If you feel you can't stop drinking alcohol there are many professional services and support groups that can give you the help and support you need.

Explanation

It's important that you stop drinking to reduce any further damage to your liver and increase your chances of survival. If you’re finding it difficult to stop drinking, contact your GP, who will be able to help and can discuss the range of different treatment options with you. These include:

  • medicines to help reduce withdrawal symptoms while you stop drinking and to help stop you starting again
  • talking to your GP or a trained counsellor to address and treat any underlying problems or those caused by drinking, such as anxiety or depression
  • mutual support groups, such as Alcoholics Anonymous, that can help you while you give up (and give ongoing help to prevent you becoming dependent on alcohol again) by sharing personal experiences and advice with others who are alcohol dependent.

 

Further information

The British Liver Trust
0800 652 7330
www.britishlivertrust.org.uk
 
Alcoholics Anonymous
0845 769 7555
www.alcoholics-anonymous.org.uk

Sources

  • Joint Formulary Committee. British National Formulary. 57 ed. London: British Medical Association and Royal Pharmaceutical Society of Great Britain, 2009: 275
  • Who are we? Alcoholics Anonymous. www.alcoholics-anonymous.org.uk, accessed 5 October 2009

 

If I have cirrhosis and continue to drink, can I have a liver transplant?

No, you won't be offered a liver transplant if you continue to drink alcohol.

Explanation

Cirrhosis is the main reason why people have a liver transplant. However, a liver transplant is usually only recommended if other treatments haven’t worked and your life is at risk. In the UK, you will be considered for a liver transplant after a period of abstinence (not drinking). If you continue to drink alcohol you won't be considered for a transplant.

If you have a liver transplant you’re expected not to drink alcohol for the rest of your life. You will be asked to sign an agreement, which states that you won’t drink after the transplant and you will take part in regular follow-up assessments.
 

Further information

The British Liver Trust
0800 652 7330
www.britishlivertrust.org.uk
 

Sources

 

I understand I’m at an increased risk of cirrhosis if I binge drink. Drinking how many units of alcohol makes me a binge drinker?

 
Drinking over eight units for men and six units for women in one session is classed as binge drinking.
 

Explanation

Binge drinking is generally thought of as heavy drinking over a short period of time (usually one evening). Drinking heavily over such a short period quickly increases the amount of alcohol in your blood. This can lead to drunkenness and reckless behaviour, as well as breathing problems and heart irregularities.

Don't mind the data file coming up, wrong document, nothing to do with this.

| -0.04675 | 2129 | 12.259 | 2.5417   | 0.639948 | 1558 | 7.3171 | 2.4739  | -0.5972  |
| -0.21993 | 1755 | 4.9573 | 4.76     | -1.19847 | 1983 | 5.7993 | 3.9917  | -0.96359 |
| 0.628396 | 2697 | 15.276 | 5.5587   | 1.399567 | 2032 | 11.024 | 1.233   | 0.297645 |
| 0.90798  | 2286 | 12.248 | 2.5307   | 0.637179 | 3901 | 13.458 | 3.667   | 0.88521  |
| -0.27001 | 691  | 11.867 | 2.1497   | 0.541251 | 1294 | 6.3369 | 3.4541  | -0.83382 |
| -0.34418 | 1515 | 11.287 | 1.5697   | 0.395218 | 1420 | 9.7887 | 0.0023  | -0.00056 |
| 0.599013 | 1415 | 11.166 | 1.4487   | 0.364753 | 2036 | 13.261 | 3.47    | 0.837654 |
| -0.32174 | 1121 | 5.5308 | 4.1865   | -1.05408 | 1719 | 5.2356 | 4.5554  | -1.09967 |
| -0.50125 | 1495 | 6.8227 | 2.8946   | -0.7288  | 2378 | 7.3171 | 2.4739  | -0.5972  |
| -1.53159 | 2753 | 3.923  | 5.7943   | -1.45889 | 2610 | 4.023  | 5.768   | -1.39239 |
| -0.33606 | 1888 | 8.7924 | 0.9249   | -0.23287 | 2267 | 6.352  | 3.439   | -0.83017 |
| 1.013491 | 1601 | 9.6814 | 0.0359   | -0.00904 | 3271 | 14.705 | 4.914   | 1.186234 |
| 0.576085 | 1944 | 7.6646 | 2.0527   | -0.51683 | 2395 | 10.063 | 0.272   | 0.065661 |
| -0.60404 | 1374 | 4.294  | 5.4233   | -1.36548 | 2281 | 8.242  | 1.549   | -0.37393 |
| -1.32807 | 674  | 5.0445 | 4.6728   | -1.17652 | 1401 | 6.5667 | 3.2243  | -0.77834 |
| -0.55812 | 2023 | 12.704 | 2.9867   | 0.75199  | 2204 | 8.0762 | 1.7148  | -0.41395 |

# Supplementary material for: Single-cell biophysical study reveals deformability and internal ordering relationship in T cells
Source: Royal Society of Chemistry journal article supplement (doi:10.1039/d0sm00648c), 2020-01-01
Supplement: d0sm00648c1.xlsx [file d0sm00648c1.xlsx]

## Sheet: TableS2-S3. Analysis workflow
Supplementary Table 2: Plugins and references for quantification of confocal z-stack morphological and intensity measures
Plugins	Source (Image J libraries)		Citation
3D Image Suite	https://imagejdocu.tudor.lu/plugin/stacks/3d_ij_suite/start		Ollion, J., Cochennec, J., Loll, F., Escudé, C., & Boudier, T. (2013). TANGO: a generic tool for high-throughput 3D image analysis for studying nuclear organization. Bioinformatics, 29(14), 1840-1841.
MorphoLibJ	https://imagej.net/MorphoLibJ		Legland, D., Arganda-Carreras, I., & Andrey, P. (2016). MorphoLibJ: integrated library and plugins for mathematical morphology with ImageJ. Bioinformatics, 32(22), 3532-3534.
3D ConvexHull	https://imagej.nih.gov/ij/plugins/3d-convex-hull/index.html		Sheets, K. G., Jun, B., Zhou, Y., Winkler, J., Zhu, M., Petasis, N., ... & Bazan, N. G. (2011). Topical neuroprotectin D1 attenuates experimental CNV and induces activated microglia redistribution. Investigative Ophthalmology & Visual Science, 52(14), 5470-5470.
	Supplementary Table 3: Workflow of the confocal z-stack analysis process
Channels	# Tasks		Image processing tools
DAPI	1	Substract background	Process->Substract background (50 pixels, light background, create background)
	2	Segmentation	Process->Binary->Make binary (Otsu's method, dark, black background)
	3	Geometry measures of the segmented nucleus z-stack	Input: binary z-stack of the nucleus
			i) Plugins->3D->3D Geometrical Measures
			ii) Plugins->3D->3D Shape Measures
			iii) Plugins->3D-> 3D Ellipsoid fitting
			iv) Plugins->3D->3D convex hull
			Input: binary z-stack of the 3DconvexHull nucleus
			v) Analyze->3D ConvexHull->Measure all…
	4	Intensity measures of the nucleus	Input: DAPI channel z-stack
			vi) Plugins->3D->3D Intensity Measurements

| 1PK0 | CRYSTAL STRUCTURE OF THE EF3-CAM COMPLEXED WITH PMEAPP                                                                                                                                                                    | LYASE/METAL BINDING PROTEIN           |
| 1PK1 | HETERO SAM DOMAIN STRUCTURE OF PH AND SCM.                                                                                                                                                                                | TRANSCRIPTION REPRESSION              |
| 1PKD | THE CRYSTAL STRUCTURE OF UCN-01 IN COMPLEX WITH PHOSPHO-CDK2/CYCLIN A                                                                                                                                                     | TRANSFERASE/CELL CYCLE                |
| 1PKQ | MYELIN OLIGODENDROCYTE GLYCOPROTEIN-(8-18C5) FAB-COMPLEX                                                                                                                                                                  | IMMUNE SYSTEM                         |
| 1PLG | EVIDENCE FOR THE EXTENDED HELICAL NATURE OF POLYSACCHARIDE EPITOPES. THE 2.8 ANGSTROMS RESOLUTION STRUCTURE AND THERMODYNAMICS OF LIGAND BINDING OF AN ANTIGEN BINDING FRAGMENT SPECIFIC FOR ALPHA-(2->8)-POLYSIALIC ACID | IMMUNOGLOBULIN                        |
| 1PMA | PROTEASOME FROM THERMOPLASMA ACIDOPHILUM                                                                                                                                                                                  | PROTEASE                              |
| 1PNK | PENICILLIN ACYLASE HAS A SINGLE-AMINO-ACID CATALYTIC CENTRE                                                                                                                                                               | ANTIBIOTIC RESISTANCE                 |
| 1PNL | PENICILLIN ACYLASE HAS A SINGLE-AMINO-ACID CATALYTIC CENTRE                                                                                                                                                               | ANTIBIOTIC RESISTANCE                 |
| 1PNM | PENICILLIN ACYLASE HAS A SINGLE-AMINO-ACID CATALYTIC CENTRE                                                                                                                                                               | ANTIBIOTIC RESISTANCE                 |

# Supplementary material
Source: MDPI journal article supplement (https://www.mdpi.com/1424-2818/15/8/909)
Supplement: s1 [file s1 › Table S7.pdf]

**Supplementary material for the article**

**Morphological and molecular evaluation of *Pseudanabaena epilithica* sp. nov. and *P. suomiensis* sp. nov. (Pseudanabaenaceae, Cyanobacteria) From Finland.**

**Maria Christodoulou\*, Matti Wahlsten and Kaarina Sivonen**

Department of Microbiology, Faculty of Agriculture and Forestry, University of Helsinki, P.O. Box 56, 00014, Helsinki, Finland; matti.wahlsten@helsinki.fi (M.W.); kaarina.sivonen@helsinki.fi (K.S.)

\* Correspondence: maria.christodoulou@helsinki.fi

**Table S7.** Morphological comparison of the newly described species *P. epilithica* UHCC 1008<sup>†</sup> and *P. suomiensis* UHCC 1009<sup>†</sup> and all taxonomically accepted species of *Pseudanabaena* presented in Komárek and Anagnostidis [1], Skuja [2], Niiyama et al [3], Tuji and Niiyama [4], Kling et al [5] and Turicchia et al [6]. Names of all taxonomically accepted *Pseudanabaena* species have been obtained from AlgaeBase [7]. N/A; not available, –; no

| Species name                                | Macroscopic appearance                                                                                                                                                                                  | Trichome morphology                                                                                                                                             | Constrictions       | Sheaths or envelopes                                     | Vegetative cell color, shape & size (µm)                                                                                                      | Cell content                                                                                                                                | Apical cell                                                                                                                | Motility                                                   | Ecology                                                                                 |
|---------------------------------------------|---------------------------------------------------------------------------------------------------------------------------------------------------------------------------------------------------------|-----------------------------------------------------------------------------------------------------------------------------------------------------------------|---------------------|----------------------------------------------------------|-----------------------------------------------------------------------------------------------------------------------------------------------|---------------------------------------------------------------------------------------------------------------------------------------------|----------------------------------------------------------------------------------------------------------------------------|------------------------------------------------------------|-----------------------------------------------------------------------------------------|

Drinking eight or more units per day for men and six or more for women is regarded as binge drinking. These levels are twice the recommended daily allowance of three to four units per day for men and two to three units a day for women. If you do have a heavy drinking session, you shouldn't drink alcohol for at least 48 hours afterwards.
 

Further information

The British Liver Trust
0800 652 7330
www.britishlivertrust.org.uk
 

Sources

 

Can the part of my liver that has cirrhosis be cut out?

No, part of your liver can't be cut out.

Explanation

If you have cirrhosis, scarring occurs in cells throughout your liver and isn't confined to any particular area. Therefore, having part of your liver removed as a treatment for cirrhosis isn't an option.
 

Further information

The British Liver Trust
0800 652 7330
www.britishlivertrust.org.uk
 

Sources

 
This information was published by Bupa's health information team and is based on reputable sources of medical evidence. It has been peer reviewed by Bupa doctors. The content is intended for general information only and does not replace the need for personal advice from a qualified health professional.
 
Publication date: January 2010.

Alcohol-induced cirrhosis factsheet

 
Visit the alcohol-induced cirrhosis health factsheet for more information.
 

Related topics

Abdominal ultrasound
Alcohol dependence
Alcohol - sensible drinking
Anaemia – an overview
Beta blockers
CT scan
Fatty liver disease
Gastroscopy
Hepatitis A
Hepatitis B
Hepatitis C
Liver cancer
MRI scan

Further information

British Liver Trust
0800 652 7330
www.britishlivertrust.org.uk
 
Alcoholics Anonymous UK
0845 769 7555
www.alcoholics-anonymous.org.uk
 

Sources

 
This information was published by Bupa's health information team and is based on reputable sources of medical evidence. It has been peer reviewed by Bupa doctors. The content is intended for general information only and does not replace the need for personal advice from a qualified health professional.